Pediatric diabetes researchers at UT Southwestern Medical Center in Dallas found incorporating routine pet care into a child’s diabetes self-care plan can significantly improve monitoring of the disease, resulting in lower blood glucose levels.
The study, which appeared in the April issue of the The Diabetes Educator, followed the pet care and diabetes management tasks of 28 adolescents, with Type 1 diabetes mellitus, ages 10 to 17.
“We learned that instructing families to associate regular pet fish care with the child’s standard diabetes care significantly improved their hemoglobin A1C levels,” the study’s senior author Olga Gupta, MD, assistant professor of pediatrics and internal medicine at UT Southwestern, said in a news release. Study participants selected for the intervention group were provided a fish (Betta splendens), a fish bowl, instructions for caring for the fish and recommendations to set up the fish bowl in their bedroom. They were instructed to feed their fish in the morning and in the evening, checking their own blood glucose level each time, according to the release. Then, they were asked to change one-fourth of the water in the fish bowl once a week and review their own blood glucose logs with a caregiver.
Routine pet care helps a 12-year-old boy
“He never had the opportunity to have a pet, and if it meant helping him improve his blood sugar, then I was all for it,” Jeanette Claxton, mother of 12-year-old Raymon Miles, Jr., a participant in the study, said in the release. “Throughout the entire experience we owned two fish that became part of our family. The first fish was named Bob, and Raymon would feed him, read to him and even watch TV with him. “He didn’t even realize that he was talking about his diabetes more and taking his blood sugar more often.”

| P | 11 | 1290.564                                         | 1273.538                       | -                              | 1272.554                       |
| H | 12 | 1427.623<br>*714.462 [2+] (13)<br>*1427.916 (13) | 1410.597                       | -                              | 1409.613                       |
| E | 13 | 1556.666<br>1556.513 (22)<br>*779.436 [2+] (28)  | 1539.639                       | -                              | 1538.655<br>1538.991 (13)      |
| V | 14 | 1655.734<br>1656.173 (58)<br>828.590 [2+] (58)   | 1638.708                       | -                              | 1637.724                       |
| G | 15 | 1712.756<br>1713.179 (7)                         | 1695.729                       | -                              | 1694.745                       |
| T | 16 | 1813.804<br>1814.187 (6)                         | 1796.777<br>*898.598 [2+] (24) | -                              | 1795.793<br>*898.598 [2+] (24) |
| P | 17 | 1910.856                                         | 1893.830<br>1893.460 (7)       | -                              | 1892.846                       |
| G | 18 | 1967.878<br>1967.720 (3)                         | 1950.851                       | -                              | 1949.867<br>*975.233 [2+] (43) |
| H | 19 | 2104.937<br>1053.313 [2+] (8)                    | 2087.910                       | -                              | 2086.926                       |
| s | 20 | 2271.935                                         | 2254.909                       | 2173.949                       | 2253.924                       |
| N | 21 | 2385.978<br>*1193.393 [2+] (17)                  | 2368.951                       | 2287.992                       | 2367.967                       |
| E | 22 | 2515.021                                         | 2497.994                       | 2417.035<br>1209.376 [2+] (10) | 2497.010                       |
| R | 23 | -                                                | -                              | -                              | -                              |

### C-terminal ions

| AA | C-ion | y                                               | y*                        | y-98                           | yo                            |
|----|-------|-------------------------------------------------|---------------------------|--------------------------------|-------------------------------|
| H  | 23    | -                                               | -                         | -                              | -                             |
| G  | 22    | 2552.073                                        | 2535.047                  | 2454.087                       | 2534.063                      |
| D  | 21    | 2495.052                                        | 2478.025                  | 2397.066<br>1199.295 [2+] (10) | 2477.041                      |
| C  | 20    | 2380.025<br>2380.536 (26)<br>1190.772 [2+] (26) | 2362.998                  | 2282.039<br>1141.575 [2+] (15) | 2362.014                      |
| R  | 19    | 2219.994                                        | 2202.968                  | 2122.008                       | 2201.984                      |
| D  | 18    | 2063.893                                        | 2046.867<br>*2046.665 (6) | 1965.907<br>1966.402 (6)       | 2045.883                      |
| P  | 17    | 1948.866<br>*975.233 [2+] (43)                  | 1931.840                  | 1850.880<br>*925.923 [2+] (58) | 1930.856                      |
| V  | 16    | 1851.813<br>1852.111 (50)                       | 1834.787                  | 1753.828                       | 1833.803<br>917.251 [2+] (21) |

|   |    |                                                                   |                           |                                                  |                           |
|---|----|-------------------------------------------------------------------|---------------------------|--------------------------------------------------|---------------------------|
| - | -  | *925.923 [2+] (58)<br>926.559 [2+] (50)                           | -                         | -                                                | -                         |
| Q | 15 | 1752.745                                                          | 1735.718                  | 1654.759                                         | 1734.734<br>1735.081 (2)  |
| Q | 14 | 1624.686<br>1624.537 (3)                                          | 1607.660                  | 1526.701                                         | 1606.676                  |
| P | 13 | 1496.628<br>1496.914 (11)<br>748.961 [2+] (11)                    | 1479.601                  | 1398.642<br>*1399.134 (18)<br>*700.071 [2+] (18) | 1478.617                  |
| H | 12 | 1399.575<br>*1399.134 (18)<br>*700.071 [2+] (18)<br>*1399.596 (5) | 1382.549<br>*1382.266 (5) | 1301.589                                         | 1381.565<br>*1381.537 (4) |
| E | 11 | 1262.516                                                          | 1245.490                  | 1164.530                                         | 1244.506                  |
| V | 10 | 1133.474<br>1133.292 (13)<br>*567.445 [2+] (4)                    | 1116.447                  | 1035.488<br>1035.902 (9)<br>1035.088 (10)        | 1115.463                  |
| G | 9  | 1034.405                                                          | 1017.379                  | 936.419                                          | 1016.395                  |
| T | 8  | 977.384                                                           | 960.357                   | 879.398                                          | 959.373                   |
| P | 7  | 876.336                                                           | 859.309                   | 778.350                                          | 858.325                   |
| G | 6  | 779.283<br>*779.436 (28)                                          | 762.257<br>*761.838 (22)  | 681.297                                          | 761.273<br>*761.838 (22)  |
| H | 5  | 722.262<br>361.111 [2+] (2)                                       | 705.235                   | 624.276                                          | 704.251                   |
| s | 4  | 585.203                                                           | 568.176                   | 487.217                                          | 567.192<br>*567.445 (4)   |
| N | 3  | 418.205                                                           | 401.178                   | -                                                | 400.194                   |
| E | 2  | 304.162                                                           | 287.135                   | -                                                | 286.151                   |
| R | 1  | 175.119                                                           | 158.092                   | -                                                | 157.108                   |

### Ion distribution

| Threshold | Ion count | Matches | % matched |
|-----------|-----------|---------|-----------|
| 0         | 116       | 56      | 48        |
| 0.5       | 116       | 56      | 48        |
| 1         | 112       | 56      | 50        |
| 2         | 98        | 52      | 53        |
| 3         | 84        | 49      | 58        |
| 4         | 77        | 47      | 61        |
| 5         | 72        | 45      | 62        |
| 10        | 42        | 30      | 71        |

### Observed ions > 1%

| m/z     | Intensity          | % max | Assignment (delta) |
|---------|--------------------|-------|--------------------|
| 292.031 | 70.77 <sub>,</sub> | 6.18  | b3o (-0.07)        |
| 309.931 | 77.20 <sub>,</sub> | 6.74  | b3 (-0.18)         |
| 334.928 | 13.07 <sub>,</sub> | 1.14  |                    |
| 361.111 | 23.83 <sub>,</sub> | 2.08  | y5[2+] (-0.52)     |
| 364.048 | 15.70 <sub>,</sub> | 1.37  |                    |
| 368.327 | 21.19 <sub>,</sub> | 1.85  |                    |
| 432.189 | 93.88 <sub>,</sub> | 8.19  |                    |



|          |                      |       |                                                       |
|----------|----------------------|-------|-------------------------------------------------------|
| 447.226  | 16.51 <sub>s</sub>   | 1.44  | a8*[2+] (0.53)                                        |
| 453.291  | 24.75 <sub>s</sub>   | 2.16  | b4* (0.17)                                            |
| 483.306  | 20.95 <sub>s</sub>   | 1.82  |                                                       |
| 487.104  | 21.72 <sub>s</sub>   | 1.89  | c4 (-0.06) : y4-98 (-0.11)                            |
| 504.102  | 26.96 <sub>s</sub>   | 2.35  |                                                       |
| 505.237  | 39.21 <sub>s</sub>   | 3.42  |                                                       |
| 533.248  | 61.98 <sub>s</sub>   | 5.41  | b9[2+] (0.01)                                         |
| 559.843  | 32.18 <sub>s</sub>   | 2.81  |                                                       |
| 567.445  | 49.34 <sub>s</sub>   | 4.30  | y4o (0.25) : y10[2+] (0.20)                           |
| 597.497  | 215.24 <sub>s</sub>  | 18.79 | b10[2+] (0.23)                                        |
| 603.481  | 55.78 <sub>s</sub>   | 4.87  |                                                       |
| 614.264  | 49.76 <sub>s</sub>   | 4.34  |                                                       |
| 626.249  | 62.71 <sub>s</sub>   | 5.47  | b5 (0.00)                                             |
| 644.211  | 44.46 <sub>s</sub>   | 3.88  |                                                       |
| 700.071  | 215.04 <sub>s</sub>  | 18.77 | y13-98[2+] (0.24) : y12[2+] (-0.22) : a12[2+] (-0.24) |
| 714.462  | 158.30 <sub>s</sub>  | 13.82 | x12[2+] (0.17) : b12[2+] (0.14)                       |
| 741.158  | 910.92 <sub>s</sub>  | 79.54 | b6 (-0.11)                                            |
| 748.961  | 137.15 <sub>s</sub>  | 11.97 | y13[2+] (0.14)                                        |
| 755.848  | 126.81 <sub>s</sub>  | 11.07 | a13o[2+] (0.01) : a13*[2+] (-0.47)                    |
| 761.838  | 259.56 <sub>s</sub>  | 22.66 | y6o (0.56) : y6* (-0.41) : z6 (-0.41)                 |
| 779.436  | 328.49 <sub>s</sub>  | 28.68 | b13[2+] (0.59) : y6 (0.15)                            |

After three months, the intervention group’s A1C levels decreased 0.5% compared to their peers in the control group, who experienced a 0.8% increase in A1C levels. While a decrease in blood glucose levels was seen in all ages, the benefits of the behavioral intervention were more pronounced in the study’s younger participants. The decrease was greater in the adolescents ages 10 to 13 as that age group was more willing to care for the pet than older participants, according to the release.
Findings from the study also suggest the importance of parental involvement in helping the adolescents establish a regular routine to monitor their blood glucose levels.
Next steps include studying a group of adolescents for a longer period of time, as well as identifying the specific mechanisms leading to the glycemic improvement, such as type of pet, mood, conscientiousness, routine or level of parental involvement, according to the release.
Gupta’s laboratory is part of the UT Southwestern Touchstone Center for Diabetes Research, a multidisciplinary research center focused on studying both basic and clinical aspects of Type 1 and Type 2 diabetes. •
Read the full study.